The Coffins of Little Hope by Timothy Schaffert – Book Review

The Coffins of Little Hope by Timothy Schaffert
Published by Unbridled Books

The last book in a hugely popular children and young adult series, The Coffins of Little Hope, of the Miranda and Desiree series, is soon to be released, to the utter delight of young people everywhere. Essie Myles’s grandson, Doc, actually printed a great number of The Coffins of Little Hope in his printing press, expanded from his newspaper works. That seems like it should be enough excitement for a small town, to be part of a publishing process so secretive that people must be patted down when they leave work, to ensure they have not stolen any pages from the much-anticipated new book.

But then a little girl named Lenore goes missing. Or, at least, that’s what the woman who claims to be her mother says. Daisy gave birth to Lenore at home and she’s never been to school, there is no record of her anywhere, and very little in the way of children’s belongings at Daisy’s house. However, the drifter Daisy claims kidnapped Lenore is real enough, he has been seen around town for years, but he isn’t around now. So is Lenore real? If so, was she kidnapped? Or is she all a product of Lenore’s imagination? These questions, plus the Miranda and Desiree connection, are the recipe for a huge media circus.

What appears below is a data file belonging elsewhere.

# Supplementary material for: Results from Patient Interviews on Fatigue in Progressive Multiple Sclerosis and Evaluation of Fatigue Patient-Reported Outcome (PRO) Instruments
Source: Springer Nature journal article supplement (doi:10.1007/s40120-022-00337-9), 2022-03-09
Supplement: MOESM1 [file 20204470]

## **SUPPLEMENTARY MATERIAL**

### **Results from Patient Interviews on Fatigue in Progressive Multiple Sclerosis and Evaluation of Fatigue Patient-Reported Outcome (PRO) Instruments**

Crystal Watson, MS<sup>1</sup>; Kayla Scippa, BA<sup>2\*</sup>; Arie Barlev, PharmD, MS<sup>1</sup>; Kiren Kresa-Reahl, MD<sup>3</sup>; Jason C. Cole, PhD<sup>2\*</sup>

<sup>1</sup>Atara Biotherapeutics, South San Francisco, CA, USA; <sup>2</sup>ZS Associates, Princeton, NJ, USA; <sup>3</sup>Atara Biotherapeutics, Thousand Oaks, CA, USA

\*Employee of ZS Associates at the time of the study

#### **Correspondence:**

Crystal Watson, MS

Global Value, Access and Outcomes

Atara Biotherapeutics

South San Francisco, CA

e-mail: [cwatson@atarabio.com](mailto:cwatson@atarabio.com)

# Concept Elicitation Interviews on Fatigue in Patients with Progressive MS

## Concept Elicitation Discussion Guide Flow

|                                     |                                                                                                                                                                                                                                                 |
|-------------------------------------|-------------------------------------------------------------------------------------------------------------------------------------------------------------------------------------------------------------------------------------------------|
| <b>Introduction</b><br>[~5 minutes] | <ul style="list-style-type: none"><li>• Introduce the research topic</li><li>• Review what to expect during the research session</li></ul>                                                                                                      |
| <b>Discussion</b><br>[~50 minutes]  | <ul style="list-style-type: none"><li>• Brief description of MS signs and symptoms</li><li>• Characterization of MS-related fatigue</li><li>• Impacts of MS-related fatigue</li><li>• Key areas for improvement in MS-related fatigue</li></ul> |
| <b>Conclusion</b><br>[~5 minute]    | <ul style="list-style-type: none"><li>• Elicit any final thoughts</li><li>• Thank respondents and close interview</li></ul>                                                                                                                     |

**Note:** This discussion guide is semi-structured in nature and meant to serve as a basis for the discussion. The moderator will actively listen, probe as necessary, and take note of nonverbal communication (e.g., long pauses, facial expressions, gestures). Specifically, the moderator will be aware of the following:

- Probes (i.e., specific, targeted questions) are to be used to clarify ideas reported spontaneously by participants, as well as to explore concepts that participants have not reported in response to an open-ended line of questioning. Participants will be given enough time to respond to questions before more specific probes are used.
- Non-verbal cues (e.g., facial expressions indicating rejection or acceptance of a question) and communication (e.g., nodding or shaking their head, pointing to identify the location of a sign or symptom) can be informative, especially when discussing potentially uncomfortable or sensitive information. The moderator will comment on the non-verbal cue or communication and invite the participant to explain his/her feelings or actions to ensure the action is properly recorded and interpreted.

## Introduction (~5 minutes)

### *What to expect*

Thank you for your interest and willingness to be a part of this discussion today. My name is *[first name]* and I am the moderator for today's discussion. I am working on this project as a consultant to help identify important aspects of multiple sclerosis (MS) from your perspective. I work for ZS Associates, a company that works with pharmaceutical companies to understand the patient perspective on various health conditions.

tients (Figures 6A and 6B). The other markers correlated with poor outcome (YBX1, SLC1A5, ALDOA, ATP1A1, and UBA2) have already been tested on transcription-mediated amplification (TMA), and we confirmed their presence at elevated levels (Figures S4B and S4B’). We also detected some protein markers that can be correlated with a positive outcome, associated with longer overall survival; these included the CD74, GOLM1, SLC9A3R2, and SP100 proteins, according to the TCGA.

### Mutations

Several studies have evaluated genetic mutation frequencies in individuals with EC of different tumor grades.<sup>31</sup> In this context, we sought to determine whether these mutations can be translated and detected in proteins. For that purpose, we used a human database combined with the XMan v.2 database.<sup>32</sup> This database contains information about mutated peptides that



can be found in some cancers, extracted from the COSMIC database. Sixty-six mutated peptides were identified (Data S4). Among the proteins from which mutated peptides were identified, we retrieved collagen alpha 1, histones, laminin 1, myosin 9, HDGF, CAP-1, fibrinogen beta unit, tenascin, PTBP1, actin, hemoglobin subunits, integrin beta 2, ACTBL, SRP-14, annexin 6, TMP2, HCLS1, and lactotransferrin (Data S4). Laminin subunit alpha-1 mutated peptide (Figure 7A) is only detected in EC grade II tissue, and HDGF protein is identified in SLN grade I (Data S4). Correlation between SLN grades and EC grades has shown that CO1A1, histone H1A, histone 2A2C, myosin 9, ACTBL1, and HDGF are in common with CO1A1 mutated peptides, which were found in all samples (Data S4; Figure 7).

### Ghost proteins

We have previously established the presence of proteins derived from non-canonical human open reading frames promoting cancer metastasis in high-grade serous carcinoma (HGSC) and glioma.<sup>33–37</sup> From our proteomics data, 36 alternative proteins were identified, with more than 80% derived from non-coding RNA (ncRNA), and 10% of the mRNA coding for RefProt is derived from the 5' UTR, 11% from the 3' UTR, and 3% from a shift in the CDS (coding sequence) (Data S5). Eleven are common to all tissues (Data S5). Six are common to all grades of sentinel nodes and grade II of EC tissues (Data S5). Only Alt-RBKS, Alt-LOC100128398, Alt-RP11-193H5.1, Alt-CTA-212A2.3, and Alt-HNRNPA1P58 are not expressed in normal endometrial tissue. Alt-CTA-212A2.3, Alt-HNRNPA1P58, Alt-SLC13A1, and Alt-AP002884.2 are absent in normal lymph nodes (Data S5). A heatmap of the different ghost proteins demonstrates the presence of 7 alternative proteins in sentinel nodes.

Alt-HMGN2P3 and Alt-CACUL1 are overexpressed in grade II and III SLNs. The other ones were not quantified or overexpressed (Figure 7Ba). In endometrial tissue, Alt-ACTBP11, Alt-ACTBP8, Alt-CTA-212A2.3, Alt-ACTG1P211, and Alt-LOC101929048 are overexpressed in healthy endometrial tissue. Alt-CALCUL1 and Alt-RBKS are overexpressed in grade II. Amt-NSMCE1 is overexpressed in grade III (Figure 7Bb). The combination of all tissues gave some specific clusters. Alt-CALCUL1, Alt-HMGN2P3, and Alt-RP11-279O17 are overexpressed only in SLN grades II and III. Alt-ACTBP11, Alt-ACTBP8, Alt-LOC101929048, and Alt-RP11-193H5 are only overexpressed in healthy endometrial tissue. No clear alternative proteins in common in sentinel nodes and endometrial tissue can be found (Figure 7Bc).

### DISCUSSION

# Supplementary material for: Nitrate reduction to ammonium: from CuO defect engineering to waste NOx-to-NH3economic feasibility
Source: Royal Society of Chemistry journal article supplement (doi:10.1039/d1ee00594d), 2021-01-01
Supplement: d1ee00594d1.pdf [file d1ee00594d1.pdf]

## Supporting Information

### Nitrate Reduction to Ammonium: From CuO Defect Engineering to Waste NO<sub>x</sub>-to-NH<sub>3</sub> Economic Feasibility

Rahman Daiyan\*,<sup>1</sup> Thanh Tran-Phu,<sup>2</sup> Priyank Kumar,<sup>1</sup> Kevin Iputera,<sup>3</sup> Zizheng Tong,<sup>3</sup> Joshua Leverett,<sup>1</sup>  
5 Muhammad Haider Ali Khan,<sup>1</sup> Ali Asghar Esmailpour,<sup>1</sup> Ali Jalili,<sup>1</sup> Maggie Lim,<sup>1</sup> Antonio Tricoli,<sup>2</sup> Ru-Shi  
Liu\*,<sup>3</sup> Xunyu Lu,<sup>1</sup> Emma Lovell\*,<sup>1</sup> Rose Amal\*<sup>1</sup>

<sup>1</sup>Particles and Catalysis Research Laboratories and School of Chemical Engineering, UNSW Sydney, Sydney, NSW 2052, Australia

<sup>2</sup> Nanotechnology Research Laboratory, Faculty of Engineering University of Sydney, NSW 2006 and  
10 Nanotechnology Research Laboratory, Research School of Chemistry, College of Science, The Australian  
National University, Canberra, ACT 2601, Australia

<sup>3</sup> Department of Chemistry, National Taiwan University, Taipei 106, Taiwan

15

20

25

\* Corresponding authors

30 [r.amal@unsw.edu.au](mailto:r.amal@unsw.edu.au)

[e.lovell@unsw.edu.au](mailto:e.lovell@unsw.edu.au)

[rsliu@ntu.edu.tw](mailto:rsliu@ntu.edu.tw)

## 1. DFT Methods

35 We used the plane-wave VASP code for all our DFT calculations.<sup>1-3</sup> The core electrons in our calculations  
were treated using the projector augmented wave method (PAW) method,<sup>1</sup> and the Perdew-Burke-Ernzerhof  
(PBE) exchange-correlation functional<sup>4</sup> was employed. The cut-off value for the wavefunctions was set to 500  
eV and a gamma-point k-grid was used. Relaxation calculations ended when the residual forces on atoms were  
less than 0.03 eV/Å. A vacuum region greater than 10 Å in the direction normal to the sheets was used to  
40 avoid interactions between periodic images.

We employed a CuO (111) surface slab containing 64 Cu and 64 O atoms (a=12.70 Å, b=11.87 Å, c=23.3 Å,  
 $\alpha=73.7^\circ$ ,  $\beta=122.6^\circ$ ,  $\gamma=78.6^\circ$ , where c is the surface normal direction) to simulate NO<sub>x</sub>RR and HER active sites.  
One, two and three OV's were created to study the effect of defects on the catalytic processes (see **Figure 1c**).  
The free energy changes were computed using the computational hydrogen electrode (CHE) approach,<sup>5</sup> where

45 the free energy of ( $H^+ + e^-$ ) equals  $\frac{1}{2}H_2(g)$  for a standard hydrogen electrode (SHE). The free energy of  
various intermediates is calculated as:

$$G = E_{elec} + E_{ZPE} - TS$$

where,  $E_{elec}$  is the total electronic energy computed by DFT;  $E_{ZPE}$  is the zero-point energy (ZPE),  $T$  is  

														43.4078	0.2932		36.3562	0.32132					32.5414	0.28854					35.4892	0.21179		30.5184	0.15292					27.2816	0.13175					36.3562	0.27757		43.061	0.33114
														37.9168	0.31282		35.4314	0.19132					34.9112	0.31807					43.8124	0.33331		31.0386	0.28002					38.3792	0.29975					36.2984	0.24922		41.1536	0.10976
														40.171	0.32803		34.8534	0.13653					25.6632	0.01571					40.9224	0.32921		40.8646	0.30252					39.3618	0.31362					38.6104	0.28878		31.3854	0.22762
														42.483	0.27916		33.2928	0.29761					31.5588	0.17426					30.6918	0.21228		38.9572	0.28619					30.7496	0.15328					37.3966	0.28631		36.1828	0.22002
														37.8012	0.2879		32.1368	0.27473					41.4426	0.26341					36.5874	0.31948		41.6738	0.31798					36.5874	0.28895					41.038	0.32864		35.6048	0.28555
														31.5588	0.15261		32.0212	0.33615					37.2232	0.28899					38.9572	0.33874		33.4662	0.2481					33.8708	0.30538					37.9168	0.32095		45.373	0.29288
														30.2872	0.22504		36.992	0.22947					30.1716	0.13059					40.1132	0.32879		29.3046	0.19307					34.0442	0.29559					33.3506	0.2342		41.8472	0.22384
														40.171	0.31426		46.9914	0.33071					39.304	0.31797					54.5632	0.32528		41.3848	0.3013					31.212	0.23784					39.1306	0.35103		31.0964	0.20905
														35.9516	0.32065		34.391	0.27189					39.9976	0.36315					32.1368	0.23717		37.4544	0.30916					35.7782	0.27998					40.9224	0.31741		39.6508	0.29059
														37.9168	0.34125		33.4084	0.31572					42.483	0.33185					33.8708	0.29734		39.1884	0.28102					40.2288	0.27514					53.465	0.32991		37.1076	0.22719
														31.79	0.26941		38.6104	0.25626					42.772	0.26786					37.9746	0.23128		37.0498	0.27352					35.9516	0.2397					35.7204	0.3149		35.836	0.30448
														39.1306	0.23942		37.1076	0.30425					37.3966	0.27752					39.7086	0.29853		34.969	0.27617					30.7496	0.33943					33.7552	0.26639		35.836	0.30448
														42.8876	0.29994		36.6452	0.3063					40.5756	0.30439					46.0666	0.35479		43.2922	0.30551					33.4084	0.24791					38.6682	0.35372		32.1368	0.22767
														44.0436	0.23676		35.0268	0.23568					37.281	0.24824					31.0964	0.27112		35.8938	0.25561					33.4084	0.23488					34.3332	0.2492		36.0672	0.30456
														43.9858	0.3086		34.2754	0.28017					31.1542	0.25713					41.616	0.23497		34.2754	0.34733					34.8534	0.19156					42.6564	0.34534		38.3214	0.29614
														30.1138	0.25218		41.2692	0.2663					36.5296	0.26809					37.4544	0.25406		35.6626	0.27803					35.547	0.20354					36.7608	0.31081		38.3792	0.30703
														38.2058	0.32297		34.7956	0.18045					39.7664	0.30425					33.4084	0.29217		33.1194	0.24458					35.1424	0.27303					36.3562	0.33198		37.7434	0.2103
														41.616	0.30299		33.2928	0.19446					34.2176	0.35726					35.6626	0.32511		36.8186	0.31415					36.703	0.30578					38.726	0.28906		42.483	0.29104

The Coffins of Little Hope is an absolutely gorgeous books, I nearly ran out of my book darts marking passages.

Some of you may say I’m just as bad as the worst of the people who’ve exploited the summer, fall, and winter of Lenore, that I’ve played this story like an accordion for the purposes of melodrama, squeezing and stretching, inflating, and deflating scenes and events at will. You’ll say I wasn’t everywhere; you’ll say there’s no way I can know all that I’ve depicted. But I stand behind all the truths in this story of deception. – p. 7

The characters are somewhat odd, and the storytelling is not at all linear, but The Coffins of Little Hope is still very accessible and extremely compelling. Highly recommended.

Buy this book from:
PowellsIndiebound*

Source: publisher.
* These links are all affiliate links. If you buy your book here I’ll make a very small amount of money that goes towards hosting, giveaways, etc.